* Work counters
  Solve time (sec)   : 8.47578e-04
  Simplex iterations : 53
  Barrier iterations : 0
  Node count         : -1

The total cost is:

objective_value(model)
682.9099999999999

Here's a plot of demand and generation:

Plots.plot(data[!, :demand]; label = "Demand", xlabel = "Week")
Plots.plot!(value.(u_thermal), label = "Thermal")
Plots.plot!(value.(u_flow), label = "Hydro")
Example block output

And here's the storage over time:

Plots.plot(value.(x_storage); label = "Storage", xlabel = "Week")
Example block output

Deterministic SDDP model

For the next step, we show how to decompose our JuMP model into SDDP.jl. It should obtain the same solution.

model = SDDP.LinearPolicyGraph(
    stages = T,
    sense = :Min,
    lower_bound = 0.0,
    optimizer = HiGHS.Optimizer,
) do sp, t
    @variable(
        sp,
        0 <= x_storage <= reservoir_max,
        SDDP.State,
        initial_value = reservoir_initial,
    )
    @variable(sp, 0 <= u_flow <= flow_max)
    @variable(sp, 0 <= u_thermal)
    @variable(sp, 0 <= u_spill)
    @variable(sp, ω_inflow)
    fix(ω_inflow, data[t, :inflow])
    @constraint(sp, x_storage.out == x_storage.in - u_flow - u_spill + ω_inflow)
    @constraint(sp, u_flow + u_thermal == data[t, :demand])
    @stageobjective(sp, data[t, :cost] * u_thermal)
    return
end
A policy graph with 52 nodes.
 Node indices: 1, ..., 52

Can you see how the JuMP model maps to this syntax? We have created a SDDP.LinearPolicyGraph with T stages, we're minimizing, and we're using HiGHS.Optimizer as the optimizer.

A few bits might be non-obvious:

  • We need to provide a lower bound for the objective function. Since our costs are always positive, a valid lower bound for the total cost is 0.0.
  • We define x_storage as a state variable using SDDP.State. A state variable is any variable that flows through time, and for which we need to know the value of it in stage t-1 to compute the best action in stage t. The state variable x_storage is actually two decision variables, x_storage.in and x_storage.out, which represent x_storage[t] and x_storage[t+1] respectively.
  • We need to use @stageobjective instead of @objective.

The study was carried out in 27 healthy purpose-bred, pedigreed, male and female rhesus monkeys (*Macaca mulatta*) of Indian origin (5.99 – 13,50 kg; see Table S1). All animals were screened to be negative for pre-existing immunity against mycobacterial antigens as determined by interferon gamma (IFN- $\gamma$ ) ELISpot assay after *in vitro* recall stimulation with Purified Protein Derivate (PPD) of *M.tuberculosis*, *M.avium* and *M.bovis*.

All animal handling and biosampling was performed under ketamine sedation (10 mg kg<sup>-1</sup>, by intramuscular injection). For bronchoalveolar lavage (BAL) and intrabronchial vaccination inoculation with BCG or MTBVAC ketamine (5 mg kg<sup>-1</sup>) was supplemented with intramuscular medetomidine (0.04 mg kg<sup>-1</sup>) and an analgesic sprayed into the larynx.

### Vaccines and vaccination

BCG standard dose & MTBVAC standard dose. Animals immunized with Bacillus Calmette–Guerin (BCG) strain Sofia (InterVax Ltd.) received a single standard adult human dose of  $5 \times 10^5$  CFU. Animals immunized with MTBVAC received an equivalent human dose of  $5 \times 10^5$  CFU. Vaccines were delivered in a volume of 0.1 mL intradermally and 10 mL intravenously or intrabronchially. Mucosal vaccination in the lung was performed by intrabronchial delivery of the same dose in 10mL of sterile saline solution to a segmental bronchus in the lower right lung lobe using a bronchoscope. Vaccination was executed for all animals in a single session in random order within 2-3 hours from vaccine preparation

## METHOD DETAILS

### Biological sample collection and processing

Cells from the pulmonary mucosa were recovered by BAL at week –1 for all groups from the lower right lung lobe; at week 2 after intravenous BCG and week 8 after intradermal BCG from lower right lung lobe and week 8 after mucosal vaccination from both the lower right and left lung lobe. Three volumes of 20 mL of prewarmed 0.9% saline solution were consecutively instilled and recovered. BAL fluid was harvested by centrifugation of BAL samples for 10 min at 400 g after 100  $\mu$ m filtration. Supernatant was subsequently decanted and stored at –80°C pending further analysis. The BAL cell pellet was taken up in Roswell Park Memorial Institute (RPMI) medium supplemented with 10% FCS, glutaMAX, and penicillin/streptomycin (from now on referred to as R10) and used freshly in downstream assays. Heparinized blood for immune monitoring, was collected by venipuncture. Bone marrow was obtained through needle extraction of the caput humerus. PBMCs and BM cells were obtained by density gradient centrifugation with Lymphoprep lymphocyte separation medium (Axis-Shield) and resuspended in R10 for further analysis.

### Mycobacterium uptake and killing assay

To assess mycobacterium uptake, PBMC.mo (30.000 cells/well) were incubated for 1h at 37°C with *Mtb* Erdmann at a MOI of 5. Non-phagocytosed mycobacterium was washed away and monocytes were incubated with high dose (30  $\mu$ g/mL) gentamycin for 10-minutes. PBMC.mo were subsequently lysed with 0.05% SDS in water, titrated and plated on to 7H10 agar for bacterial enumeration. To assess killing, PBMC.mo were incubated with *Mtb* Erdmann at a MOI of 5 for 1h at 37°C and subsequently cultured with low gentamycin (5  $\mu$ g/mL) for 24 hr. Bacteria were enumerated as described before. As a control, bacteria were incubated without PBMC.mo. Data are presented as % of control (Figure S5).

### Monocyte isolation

Instead of calling JuMP.optimize!, SDDP.jl uses a train method. With our machine learning hat on, you can think of SDDP.jl as training a function for each stage that accepts the current reservoir state as input and returns the optimal actions as output. It is also an iterative algorithm, so we need to specify when it should terminate:

SDDP.train(model; iteration_limit = 10)
-------------------------------------------------------------------
         SDDP.jl (c) Oscar Dowson and contributors, 2017-23
-------------------------------------------------------------------
problem
  nodes           : 52
  state variables : 1
  scenarios       : 1.00000e+00
  existing cuts   : false
options
  solver          : serial mode
  risk measure    : SDDP.Expectation()
  sampling scheme : SDDP.InSampleMonteCarlo
subproblem structure
  VariableRef                             : [7, 7]
  AffExpr in MOI.EqualTo{Float64}         : [2, 2]
  VariableRef in MOI.EqualTo{Float64}     : [1, 1]
  VariableRef in MOI.GreaterThan{Float64} : [5, 5]
  VariableRef in MOI.LessThan{Float64}    : [2, 3]
numerical stability report
  matrix range     [1e+00, 1e+00]
  objective range  [1e+00, 2e+01]
  bounds range     [1e+01, 3e+02]
  rhs range        [7e+00, 1e+01]
-------------------------------------------------------------------
 iteration    simulation      bound        time (s)     solves  pid
-------------------------------------------------------------------
         1   1.079600e+03  3.157700e+02  4.614782e-02       104   1
        10   6.829100e+02  6.829100e+02  1.472540e-01      1040   1
-------------------------------------------------------------------
status         : iteration_limit
total time (s) : 1.472540e-01
total solves   : 1040
best bound     :  6.829100e+02
simulation ci  :  7.289889e+02 ± 7.726064e+01
numeric issues : 0
-------------------------------------------------------------------

As a quick sanity check, did we get the same cost as our JuMP model?

SDDP.calculate_bound(model)
682.910000000047

That's good. Next, to check the value of the decision variables. This isn't as straight forward as our JuMP model. Instead, we need to simulate the policy, and then extract the values of the decision variables from the results of the simulation.

Since our model is deterministic, we need only 1 replication of the simulation, and we want to record the values of the x_storage, u_flow, and u_thermal variables:

simulations = SDDP.simulate(
    model,
    1,  # Number of replications
    [:x_storage, :u_flow, :u_thermal],
);

The simulations vector is too big to show. But it contains one element for each replication, and each replication contains one dictionary for each stage.

For example, the data corresponding to the tenth stage in the first replication is:

simulations[1][10]
Dict{Symbol, Any} with 9 entries:
  :u_flow          => 8.6
  :bellman_term    => 0.0
  :noise_term      => nothing
  :node_index      => 10
  :stage_objective => 0.0
  :objective_state => nothing
  :x_storage       => State{Float64}(316.2, 309.6)
  :u_thermal       => 0.0